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  • Rodney Joyce

WBOP Debt Mountain

Updated: Sep 16, 2022

The wave of red ink on the attached chart shows the WBOP District Council’s official borrowing figures. Up until this year (the blue line), the council has paid down debt while still gradually investing in new infrastructure. But now it plans to go on a huge debt-fueled splurge. Imagine if you gave a teenager the family credit card and told them that your credit limit was a target. That is essentially what our council is doing, and the bill will come back to haunt us in the form of much higher rates.

Unless it changes direction soon, the council will have maxxed out its credit limit completely within a few years, leaving nothing in the tank for emergencies or new things we may need. The planned investment in new infrastructure such as libraries, swimming pools and boat ramps is logical but the frenzied pace of spending is crazy. If we instead spread these projects over more years, we could get them all done without having to pay big interest bills from our rates. The splurge is front-loaded. The council plans to borrow $150 million over the next three years and total borrowings will near $300 million by 2031. At that pace, the ratepayers' bill for debt interest will approach $15 million EVERY YEAR. That annual number is enough to build a couple of libraries or swimming pools every year if the council would just slow down a bit. It’s NOT a case of slashing and burning the council budget. We do need the council to provide public infrastructure – just at a more reasoned pace.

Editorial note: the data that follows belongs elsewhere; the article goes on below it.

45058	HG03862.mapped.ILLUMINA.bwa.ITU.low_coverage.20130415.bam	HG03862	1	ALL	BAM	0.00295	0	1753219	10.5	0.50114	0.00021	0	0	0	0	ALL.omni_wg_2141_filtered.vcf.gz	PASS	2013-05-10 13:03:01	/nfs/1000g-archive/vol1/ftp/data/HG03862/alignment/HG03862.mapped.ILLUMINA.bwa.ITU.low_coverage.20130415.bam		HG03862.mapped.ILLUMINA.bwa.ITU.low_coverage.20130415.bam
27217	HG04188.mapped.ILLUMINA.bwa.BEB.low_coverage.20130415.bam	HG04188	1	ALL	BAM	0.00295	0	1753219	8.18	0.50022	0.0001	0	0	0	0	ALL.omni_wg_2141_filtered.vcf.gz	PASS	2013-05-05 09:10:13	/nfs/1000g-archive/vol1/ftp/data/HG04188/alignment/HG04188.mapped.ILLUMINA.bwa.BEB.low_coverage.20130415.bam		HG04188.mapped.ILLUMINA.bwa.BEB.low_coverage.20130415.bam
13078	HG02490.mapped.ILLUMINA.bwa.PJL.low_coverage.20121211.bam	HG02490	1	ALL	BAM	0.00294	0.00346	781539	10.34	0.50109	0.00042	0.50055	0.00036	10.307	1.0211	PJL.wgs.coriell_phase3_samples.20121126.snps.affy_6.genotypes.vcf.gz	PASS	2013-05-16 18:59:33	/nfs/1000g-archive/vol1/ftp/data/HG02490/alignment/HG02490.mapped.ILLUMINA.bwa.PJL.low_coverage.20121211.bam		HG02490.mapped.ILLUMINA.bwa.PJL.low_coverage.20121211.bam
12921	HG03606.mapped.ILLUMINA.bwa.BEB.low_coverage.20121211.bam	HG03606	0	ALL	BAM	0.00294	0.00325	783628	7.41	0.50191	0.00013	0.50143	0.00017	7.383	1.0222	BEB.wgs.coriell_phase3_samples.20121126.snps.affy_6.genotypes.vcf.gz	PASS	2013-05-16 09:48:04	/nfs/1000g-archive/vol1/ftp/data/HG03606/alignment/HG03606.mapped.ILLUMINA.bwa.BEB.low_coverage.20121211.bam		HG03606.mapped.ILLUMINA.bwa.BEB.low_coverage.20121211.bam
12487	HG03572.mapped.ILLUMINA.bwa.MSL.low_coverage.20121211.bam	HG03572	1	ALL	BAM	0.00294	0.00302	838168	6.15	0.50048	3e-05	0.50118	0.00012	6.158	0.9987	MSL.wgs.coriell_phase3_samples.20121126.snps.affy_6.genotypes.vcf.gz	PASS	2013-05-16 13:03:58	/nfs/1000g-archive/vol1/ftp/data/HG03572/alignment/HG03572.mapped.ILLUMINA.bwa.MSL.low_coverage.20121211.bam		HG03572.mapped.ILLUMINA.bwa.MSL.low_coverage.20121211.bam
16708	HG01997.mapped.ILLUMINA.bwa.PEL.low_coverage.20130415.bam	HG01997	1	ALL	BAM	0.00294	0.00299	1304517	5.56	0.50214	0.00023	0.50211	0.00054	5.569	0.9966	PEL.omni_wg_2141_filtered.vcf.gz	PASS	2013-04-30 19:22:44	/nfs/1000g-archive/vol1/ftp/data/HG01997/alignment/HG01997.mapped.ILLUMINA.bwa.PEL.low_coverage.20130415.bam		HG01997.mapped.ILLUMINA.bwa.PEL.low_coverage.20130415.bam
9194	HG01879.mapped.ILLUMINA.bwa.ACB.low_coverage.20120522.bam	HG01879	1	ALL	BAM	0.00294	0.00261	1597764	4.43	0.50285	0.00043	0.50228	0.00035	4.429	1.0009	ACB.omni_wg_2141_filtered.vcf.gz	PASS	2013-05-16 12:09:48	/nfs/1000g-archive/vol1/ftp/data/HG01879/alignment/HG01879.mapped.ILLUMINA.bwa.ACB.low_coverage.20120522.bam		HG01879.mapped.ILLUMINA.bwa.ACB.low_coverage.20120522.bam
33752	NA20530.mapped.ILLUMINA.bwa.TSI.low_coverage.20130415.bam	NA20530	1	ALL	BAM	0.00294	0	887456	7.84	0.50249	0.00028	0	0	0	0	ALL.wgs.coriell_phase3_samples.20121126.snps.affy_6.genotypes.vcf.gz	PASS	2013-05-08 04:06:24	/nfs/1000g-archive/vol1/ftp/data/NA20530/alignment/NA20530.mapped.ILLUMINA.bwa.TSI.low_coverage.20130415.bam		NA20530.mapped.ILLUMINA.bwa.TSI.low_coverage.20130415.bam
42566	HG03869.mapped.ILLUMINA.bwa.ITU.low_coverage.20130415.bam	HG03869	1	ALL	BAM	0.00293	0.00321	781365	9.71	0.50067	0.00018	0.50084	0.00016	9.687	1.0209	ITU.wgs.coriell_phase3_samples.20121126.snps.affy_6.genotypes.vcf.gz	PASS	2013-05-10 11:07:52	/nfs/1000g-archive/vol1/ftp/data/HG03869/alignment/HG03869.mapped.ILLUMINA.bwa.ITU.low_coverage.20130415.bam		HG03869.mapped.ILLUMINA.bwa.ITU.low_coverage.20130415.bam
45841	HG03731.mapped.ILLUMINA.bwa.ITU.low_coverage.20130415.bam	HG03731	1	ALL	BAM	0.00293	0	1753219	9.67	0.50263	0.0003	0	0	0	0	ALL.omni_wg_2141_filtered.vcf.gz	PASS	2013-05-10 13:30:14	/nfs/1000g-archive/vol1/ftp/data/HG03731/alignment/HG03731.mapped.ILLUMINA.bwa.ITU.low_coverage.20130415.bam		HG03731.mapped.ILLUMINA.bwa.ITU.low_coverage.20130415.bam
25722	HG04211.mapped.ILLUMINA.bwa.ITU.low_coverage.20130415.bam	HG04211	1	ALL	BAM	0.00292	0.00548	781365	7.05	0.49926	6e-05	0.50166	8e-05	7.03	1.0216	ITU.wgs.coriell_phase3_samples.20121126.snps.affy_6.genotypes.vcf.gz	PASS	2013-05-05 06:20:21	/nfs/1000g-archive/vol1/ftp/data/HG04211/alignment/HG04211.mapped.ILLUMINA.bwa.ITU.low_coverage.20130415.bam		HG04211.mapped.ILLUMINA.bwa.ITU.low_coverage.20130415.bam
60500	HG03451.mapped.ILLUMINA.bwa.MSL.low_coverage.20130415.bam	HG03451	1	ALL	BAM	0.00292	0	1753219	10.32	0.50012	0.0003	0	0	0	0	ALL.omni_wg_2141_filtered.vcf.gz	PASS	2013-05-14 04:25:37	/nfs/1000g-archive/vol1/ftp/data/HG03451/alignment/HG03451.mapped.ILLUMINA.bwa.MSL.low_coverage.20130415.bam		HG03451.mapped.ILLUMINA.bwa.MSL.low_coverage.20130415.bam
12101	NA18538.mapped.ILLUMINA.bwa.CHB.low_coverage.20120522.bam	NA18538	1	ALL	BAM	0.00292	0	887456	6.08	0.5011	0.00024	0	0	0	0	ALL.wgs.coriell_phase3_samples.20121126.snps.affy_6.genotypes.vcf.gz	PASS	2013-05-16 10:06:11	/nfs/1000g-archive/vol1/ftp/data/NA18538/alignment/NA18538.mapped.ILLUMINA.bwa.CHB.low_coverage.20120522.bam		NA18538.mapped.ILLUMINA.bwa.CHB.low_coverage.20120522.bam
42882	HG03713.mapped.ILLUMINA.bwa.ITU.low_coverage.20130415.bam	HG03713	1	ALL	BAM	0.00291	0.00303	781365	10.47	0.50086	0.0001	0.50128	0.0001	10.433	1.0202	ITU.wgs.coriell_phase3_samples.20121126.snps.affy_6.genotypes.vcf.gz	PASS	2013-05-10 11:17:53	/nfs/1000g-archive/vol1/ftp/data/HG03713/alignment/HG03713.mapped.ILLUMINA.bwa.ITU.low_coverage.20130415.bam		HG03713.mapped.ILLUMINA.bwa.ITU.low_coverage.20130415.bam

People justify debt as spreading the cost of an asset over several generations but there are some big problems when that is used as an excuse to load up the council credit card all at once: 1) Interest rates are rising fast so the debt load will squeeze out any new spending within a few years. This means the splurge can only be a one-off as there will be nothing left for anything else; 2) Inflation, especially in the construction industry, means the debt (and interest burden on ratepayers) will need to go even higher for all the promised projects to be delivered; 3) The council has admitted it has not got enough staff to manage all this spending. To get this all done, it will need to increase its costs – and this has not been included in its budget. 4) The council has no plan in place to repay this debt. It has left that to the next generation.

The council has framed this year’s local elections as “Generation Change”, but its spending plans mean the next generation will be tied down by high council debt with no money left to set its own priorities. The only change left for the next generation will be loose change.

Adding to the uncertainty is the government’s unwanted Three Water "reforms". If these (unfortunately) go ahead next year, that will blow a $32 million hole in the council’s annual revenue and a $389 million crater in its balance sheet as both revenue and assets related to our water, wastewater and stormwater system pass to a Hamilton-based water company. It will also mean most of the council’s current debt will go to Hamilton too, and so will some of its future investment needs as it will no longer be responsible for maintaining Three Waters assets.

However, that raises a new risk if we elect a spendthrift council. We need a strong mayor to ensure the council (freed up from Three Waters responsbilities) does not splurge on even more new projects and push up debt and rates even further.

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